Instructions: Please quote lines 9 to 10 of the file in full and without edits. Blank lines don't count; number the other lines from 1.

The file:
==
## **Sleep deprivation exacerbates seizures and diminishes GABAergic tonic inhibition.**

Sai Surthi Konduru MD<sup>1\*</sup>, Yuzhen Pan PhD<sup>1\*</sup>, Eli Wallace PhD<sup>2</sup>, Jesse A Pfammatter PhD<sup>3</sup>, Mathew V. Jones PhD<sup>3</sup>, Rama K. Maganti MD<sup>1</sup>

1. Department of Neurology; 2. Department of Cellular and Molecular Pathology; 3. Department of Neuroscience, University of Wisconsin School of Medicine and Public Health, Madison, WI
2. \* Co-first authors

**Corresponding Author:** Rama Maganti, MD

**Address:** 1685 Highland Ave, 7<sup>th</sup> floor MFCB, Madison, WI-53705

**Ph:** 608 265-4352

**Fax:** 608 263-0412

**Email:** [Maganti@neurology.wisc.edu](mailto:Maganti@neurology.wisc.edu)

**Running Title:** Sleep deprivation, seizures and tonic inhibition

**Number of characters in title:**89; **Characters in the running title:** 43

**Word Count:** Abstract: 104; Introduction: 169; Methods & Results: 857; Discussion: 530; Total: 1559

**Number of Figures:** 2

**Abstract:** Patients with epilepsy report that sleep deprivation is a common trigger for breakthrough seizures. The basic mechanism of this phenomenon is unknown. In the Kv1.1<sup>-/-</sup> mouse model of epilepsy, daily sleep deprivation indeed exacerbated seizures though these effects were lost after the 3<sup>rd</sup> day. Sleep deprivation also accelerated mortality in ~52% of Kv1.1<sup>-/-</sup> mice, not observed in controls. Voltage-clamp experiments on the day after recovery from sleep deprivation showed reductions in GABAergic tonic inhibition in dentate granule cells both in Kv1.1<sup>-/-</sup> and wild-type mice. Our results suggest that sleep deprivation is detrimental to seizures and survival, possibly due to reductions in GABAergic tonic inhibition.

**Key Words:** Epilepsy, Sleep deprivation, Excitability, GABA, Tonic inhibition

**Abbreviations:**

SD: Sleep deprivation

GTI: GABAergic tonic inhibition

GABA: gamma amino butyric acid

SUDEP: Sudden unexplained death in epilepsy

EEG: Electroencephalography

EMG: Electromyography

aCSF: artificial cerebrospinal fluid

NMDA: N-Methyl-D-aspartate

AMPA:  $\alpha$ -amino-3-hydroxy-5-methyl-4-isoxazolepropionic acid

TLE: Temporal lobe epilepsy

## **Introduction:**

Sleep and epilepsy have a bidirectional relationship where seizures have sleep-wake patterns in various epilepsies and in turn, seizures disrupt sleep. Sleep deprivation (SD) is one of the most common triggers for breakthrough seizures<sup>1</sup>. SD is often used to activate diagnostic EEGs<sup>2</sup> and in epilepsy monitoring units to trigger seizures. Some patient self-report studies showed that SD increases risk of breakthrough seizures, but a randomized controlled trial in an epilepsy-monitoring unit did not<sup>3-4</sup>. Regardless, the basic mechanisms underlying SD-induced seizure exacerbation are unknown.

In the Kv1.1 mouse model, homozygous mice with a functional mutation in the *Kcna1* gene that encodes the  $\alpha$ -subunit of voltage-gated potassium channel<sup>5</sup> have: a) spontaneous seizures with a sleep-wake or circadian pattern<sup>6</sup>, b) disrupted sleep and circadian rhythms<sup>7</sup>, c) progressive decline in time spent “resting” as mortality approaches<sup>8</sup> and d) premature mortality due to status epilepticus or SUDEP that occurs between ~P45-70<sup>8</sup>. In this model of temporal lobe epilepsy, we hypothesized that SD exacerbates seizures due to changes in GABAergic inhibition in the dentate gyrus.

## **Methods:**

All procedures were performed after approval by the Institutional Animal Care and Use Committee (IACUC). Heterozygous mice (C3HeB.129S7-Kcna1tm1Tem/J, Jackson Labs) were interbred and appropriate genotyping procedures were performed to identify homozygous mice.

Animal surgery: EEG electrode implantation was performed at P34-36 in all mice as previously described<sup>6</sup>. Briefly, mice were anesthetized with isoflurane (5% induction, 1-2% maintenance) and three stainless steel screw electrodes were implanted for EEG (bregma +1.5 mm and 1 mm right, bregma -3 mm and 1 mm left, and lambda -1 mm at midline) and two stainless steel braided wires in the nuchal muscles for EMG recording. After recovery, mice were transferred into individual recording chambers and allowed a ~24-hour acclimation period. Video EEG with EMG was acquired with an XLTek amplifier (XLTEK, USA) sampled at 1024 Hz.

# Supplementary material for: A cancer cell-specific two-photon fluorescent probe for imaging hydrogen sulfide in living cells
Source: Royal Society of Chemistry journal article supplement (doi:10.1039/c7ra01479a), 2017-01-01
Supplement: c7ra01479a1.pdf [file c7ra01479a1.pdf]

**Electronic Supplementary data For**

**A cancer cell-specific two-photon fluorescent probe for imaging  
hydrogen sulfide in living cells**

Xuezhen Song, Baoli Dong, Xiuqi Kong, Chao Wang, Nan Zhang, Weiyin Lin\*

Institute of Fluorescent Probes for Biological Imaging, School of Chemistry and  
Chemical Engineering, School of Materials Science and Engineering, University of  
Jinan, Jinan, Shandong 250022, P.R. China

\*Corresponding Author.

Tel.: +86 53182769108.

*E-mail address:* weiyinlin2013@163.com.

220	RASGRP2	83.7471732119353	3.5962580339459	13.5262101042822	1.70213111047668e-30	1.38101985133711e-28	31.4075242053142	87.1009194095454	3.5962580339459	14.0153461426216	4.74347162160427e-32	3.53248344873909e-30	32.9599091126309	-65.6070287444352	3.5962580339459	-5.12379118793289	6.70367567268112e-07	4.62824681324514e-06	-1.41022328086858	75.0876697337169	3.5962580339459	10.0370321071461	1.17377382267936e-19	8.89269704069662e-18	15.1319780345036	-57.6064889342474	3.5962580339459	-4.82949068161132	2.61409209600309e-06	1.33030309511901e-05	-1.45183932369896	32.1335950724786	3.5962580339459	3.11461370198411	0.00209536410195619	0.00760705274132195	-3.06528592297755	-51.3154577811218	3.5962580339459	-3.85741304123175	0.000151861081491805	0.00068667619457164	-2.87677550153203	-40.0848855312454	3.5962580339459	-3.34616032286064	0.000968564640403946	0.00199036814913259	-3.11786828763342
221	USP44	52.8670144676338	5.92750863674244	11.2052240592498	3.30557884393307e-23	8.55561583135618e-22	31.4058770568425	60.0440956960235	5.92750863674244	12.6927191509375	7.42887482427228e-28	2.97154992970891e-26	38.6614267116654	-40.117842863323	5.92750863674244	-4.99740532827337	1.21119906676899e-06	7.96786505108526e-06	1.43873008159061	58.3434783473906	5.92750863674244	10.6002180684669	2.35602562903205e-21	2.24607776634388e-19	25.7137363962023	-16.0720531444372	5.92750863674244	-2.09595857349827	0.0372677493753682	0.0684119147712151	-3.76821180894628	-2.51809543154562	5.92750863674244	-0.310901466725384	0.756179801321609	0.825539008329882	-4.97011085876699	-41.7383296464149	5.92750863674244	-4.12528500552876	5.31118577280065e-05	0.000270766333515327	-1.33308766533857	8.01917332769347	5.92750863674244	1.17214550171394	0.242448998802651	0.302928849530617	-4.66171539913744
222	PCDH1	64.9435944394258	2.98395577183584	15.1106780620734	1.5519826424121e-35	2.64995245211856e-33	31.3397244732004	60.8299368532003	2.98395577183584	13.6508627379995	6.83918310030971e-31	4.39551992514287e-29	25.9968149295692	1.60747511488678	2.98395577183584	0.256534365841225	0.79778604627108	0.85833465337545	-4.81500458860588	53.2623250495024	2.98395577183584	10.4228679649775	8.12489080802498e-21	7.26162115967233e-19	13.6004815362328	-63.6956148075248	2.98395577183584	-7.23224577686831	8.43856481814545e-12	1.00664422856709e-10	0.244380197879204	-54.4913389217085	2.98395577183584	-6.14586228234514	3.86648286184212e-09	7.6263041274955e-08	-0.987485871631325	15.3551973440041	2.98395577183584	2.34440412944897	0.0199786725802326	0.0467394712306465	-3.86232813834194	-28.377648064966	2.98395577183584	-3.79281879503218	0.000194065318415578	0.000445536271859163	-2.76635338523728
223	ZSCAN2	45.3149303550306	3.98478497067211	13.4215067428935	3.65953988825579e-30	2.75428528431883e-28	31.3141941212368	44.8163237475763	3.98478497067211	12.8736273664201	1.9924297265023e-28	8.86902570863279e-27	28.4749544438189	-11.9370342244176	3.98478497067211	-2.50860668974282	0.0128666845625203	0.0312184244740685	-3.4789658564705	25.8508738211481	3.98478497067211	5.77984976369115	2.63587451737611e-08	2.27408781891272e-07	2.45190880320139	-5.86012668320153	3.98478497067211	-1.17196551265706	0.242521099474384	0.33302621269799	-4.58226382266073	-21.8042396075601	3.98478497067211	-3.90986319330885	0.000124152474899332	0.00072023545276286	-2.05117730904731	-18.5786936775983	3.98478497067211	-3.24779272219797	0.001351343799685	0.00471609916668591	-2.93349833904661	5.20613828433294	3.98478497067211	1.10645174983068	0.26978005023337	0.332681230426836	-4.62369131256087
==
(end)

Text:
**Email:** [Maganti@neurology.wisc.edu](mailto:Maganti@neurology.wisc.edu)

**Running Title:** Sleep deprivation, seizures and tonic inhibition